Vegan double chocolate pistachio cake with whipped spiced coconut cream
But first, there were several hurdles to overcome:
Making the Kim Chi without fish sauce, where do you get the Umami?
Get cauliflower to emulate the look and feel of a fried chicken thigh!
How to get tender beets without turning them to mush…
Whipped coconut cream?!
With a little help from Alex Talbot and J Kenji Lopez-Alt and a lot of help from CVap I think we did pretty well. Here are a few pictures from our luncheon and the recipe for the Southern Fried Cauliflower. If you’d like the rest of the recipes send me a note and I’d be glad to share.
Brine Recipe for Cauliflower:
- 3 liters cold water
- ¾ cup kosher salt
- ¾ cup sugar
- ¼ cup bourbon barrel soy
- 2 stalks celery thinly sliced
- ½ small sweet onion sliced
- 6 cloves of garlic smashed
- 4 bay leaves
- 10 peppercorns
- 10 cloves
- 1 liter of ice
Directions: Place all ingredients but ice in a sauce pan and bring to a boil. Remove from heat and add ice. Store in refrigerator until you are ready to use.
- 2 heads cauliflower, cut into 2-inch thick steaks and then quartered
- 1/2 cup savory brine
- 1 teaspoon bourbon barrel soy sauce
Directions: Place cauliflower pieces in sous vide bags, cover with prepared brine, add soy, and vacuum seal. Place in CVap set on Constant Cook at 185F food doneness and 0 level browning. Cook for one hour. Place immediately in water bath to cool and then place in refrigerator until you are ready to fry the cauliflower.
Breading and Frying:
- 2 cups of your favorite breading
- ½ cup brine
Dust cauliflower with breading, dip in brine, then bread lightly with breading mix. Drop into a Collectramatic fryer set on open fry 350F for 3 and half minutes. Voila! Vegan fried “chicken”!
Like a lot of people in the foodservice industry, I didn’t intend on ending up here. Also, like a lot of people in the foodservice industry, I didn’t intend on still being here over a decade later. One of the many reasons I still am, however, is the fact that I’ve been fortunate enough to work with Child Nutrition the entire time. There’s truly not a better collection of warm and caring individuals in this world and I am proud to be a part of their family. And what I am most proud of is when my other family, Winston Industries, provides the Equipment Grant Award. Well, that and keeping me employed…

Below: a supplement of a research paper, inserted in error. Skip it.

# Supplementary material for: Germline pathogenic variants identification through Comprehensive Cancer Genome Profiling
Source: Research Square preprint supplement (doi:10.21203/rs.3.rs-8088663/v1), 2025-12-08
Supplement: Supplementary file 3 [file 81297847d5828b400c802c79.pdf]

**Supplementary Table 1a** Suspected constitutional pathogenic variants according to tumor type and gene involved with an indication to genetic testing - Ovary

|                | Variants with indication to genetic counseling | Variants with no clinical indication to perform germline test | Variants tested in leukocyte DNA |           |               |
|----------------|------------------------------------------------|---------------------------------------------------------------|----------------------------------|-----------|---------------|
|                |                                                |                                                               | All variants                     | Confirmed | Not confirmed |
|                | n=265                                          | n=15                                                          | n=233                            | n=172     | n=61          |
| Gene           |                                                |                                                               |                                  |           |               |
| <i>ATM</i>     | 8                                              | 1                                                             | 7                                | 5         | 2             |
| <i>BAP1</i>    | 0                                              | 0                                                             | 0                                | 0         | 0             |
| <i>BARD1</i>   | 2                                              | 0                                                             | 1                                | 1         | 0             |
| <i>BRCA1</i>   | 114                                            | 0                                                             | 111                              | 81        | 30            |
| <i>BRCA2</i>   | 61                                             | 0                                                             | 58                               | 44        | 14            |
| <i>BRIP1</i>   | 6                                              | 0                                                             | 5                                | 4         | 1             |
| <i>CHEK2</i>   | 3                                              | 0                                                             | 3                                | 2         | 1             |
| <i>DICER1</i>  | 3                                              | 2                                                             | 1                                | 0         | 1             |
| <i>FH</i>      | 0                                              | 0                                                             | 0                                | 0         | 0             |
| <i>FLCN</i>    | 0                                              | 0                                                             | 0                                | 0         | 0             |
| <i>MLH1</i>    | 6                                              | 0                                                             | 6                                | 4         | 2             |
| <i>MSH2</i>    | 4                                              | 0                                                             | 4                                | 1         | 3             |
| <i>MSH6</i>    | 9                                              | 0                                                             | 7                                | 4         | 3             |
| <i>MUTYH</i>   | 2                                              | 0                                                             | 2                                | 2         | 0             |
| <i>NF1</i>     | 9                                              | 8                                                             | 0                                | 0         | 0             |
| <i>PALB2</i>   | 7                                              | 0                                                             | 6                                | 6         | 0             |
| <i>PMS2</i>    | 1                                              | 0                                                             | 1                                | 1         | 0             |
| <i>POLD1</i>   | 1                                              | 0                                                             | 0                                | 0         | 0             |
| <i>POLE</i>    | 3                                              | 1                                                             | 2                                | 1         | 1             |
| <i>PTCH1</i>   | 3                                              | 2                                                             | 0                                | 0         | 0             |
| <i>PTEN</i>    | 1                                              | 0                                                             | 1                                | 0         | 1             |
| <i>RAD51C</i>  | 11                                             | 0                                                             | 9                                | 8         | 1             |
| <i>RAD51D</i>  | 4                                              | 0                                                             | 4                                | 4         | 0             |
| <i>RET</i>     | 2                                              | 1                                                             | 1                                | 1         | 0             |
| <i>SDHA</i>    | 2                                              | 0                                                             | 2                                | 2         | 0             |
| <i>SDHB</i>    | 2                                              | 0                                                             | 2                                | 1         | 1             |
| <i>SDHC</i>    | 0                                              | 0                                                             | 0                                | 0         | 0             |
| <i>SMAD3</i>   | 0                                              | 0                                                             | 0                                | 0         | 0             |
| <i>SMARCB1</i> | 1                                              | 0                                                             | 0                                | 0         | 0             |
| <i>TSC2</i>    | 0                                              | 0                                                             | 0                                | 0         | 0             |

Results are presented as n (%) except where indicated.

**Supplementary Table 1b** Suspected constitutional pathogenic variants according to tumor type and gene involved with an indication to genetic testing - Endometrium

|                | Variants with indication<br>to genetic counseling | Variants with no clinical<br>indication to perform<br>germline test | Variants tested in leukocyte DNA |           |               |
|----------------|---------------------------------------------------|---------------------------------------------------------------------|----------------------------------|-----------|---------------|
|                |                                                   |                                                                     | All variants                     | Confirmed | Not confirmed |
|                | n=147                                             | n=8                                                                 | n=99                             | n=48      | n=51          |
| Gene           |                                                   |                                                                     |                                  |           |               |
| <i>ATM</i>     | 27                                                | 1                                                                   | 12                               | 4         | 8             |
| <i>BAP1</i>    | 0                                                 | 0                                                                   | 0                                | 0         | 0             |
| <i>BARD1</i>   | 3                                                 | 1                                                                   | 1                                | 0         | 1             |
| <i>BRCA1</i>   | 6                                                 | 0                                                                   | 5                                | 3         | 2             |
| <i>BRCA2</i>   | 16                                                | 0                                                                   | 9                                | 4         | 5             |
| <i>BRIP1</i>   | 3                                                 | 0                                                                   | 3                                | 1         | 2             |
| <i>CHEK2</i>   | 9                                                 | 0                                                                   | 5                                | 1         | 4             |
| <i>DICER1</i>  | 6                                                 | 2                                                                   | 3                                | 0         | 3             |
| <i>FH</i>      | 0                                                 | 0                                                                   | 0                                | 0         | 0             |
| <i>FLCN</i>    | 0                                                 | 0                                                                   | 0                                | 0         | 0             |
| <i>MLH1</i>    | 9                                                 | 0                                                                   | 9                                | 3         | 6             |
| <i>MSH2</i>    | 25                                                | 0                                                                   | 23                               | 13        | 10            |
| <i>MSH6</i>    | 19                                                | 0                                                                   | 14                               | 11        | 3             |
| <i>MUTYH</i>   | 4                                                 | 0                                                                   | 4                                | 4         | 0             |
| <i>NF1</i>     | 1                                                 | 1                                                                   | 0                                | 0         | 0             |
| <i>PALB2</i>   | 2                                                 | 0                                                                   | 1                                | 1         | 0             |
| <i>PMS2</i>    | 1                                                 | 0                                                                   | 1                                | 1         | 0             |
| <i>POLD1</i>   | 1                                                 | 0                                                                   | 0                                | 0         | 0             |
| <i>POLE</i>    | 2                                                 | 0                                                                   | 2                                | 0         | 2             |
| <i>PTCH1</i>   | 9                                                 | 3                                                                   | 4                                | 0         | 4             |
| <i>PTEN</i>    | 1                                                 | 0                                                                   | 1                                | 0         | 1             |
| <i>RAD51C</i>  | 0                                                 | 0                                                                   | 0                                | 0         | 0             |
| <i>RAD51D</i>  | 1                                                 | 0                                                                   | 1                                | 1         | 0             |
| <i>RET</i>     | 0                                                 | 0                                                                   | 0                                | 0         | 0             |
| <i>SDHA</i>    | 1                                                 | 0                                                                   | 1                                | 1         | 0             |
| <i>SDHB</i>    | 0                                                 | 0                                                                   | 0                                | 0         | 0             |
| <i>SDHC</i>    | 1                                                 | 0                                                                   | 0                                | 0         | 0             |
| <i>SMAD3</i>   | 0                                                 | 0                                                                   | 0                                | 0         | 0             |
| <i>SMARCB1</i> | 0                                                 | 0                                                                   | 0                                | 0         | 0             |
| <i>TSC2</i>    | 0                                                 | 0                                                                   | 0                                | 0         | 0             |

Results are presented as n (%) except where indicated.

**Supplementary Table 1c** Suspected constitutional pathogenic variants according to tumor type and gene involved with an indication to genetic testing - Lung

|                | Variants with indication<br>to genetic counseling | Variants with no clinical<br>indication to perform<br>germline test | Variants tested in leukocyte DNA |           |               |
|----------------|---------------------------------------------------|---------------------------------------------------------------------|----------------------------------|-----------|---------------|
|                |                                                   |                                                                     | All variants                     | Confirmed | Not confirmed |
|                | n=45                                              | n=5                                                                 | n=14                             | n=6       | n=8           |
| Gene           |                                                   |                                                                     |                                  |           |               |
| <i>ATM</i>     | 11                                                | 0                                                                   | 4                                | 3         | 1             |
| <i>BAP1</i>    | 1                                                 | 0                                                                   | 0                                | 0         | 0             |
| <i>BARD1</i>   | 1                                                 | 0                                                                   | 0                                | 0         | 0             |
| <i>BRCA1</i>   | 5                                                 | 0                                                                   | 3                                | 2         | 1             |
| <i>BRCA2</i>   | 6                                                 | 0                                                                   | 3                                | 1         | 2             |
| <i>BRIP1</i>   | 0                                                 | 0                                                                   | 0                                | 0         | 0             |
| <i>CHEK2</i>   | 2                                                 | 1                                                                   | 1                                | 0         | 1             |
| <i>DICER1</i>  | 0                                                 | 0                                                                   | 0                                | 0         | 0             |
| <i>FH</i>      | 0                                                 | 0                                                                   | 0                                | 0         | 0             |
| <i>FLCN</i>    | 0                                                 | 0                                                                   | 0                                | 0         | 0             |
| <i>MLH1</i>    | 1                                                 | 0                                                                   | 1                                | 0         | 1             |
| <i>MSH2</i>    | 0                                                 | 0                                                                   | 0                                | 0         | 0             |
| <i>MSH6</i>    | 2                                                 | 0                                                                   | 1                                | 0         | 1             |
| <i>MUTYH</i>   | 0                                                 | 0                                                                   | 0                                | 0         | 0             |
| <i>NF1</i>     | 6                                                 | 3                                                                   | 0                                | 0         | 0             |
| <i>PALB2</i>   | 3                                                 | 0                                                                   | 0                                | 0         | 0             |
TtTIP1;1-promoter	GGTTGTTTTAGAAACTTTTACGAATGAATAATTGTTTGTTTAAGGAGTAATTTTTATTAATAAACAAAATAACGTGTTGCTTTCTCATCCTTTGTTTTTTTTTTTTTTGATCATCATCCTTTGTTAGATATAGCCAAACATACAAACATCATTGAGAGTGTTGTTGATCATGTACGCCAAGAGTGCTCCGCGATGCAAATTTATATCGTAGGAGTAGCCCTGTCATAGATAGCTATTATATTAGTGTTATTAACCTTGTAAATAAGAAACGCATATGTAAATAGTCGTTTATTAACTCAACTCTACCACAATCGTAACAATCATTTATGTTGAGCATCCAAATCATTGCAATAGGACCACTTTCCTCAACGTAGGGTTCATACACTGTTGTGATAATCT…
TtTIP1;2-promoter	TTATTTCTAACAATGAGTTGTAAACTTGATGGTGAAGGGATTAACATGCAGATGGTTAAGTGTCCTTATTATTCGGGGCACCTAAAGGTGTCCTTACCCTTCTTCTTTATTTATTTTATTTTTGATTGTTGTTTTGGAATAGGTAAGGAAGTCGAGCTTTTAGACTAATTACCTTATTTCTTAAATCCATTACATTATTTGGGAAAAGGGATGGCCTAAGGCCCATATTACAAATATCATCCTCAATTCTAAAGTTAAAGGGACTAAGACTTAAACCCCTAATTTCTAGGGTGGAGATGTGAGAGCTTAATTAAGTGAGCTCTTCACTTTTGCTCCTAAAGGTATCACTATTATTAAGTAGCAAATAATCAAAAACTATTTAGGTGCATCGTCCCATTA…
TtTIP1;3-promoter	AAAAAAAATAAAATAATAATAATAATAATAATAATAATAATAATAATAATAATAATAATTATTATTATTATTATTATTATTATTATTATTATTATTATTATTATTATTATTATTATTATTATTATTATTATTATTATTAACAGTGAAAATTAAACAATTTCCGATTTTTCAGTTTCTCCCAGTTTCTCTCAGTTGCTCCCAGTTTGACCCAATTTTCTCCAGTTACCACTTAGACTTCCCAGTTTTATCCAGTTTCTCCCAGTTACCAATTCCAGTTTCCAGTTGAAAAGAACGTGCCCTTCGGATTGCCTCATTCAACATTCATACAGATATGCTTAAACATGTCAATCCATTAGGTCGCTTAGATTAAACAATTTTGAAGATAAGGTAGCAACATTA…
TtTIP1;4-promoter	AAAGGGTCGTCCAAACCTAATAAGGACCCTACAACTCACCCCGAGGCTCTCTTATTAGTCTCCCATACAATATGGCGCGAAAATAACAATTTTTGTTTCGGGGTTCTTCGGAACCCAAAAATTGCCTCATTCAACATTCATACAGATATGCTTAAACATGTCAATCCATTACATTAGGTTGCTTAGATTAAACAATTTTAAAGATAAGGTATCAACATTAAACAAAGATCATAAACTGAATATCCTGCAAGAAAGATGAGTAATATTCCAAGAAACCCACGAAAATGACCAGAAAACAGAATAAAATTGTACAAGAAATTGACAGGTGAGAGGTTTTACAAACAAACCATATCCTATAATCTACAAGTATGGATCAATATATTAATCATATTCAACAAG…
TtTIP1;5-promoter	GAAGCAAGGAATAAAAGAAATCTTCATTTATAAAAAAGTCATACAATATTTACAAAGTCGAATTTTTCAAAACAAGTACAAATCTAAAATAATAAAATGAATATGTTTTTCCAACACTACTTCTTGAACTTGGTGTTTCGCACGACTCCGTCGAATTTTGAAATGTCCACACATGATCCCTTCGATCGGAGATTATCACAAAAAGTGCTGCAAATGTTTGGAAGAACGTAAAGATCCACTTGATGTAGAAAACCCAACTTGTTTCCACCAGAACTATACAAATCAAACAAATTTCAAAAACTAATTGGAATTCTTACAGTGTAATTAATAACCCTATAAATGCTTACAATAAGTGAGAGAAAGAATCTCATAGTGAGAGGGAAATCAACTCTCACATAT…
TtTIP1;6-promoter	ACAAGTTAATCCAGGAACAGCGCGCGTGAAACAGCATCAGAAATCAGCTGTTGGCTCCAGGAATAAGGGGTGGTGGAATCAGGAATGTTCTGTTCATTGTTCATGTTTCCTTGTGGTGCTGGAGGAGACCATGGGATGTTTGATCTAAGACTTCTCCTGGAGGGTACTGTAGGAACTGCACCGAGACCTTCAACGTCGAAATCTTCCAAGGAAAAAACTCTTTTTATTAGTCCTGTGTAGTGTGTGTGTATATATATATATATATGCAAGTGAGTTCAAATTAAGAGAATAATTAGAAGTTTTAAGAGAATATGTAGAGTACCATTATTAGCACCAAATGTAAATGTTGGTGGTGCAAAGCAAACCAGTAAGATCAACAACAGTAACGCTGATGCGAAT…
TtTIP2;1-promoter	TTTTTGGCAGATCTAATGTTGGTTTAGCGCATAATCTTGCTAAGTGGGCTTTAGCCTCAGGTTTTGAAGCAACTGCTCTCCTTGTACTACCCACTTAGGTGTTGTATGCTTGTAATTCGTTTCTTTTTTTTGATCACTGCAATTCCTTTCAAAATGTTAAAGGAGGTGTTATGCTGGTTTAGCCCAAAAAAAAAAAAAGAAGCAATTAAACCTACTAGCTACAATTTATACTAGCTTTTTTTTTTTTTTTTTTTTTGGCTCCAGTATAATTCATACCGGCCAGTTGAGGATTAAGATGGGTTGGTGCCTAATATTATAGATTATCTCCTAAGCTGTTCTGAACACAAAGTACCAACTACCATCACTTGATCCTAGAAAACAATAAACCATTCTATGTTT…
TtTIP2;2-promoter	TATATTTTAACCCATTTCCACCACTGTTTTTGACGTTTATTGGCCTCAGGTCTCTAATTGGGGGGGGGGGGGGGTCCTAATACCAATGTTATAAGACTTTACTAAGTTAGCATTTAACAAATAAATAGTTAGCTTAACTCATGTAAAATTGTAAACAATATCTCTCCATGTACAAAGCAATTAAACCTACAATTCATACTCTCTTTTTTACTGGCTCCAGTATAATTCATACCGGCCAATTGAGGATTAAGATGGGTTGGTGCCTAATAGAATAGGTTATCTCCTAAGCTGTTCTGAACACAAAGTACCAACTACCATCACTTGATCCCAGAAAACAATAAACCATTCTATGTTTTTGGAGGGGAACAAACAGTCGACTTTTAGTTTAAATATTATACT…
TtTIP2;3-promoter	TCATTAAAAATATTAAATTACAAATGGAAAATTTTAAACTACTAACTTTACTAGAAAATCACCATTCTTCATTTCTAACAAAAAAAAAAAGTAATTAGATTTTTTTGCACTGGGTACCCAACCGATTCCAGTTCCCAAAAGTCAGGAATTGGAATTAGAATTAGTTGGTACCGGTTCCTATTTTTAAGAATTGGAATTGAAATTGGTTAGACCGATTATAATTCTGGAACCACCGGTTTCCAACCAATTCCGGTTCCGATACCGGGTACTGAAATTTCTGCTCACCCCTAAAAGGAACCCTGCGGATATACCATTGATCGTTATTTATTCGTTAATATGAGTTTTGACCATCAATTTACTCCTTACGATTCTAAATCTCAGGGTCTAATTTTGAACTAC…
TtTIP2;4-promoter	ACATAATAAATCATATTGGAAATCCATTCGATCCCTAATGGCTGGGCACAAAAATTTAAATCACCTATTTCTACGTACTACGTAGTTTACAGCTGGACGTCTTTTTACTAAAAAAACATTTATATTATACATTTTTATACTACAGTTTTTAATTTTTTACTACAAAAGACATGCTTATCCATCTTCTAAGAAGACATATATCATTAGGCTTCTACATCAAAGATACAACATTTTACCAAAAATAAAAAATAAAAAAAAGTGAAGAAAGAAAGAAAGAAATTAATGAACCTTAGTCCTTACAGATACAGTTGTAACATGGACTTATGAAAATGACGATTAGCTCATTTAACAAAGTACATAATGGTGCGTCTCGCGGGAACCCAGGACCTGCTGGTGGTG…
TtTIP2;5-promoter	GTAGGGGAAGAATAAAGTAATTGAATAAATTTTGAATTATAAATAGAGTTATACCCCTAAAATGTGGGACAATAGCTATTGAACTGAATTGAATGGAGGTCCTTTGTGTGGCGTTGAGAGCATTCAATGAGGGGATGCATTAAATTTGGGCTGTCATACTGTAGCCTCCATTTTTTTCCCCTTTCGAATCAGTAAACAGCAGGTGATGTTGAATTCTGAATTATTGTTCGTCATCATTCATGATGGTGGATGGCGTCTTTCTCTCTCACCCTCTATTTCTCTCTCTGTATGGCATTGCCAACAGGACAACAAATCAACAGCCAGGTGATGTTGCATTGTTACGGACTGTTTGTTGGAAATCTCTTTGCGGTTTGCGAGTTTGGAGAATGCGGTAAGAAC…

Every year through a competitive grant process at SNF, our company gives away 10 pieces of equipment (of the winner’s choosing) in our holding cabinet or oven line. That amount of free equipment could represent a monumental change for anybody, much less a district in extreme need! Covering the Southeast, I’ve been lucky enough to work directly with three of these grant winners, as well as a district in my home state of Mississippi who we helped post-Katrina. This year lightning struck again and I got my fourth winner, Hernando County Public Schools in Brooksville, Fla.
Hernando County has about 25 schools and Food & Nutrition Services Director, Lori Drenth, designated nine sites to receive the seven Holding Cabinets and three Thermalizer Ovens she chose after winning. Along with helping to feed an increasing number of students in older kitchens, this equipment will allow her staff to be able to truly do batch cooking and serve food at its highest quality. And as she said, “it’s like Christmas when a kitchen gets new equipment and it instills a sense of pride in the employees knowing their school is getting that investment.” It gives me that same sense of pride to work with these people and a company that makes money selling equipment, but also gives some away for a good cause!
You can apply for next year’s grant starting on January 10, 2017. Learn more here!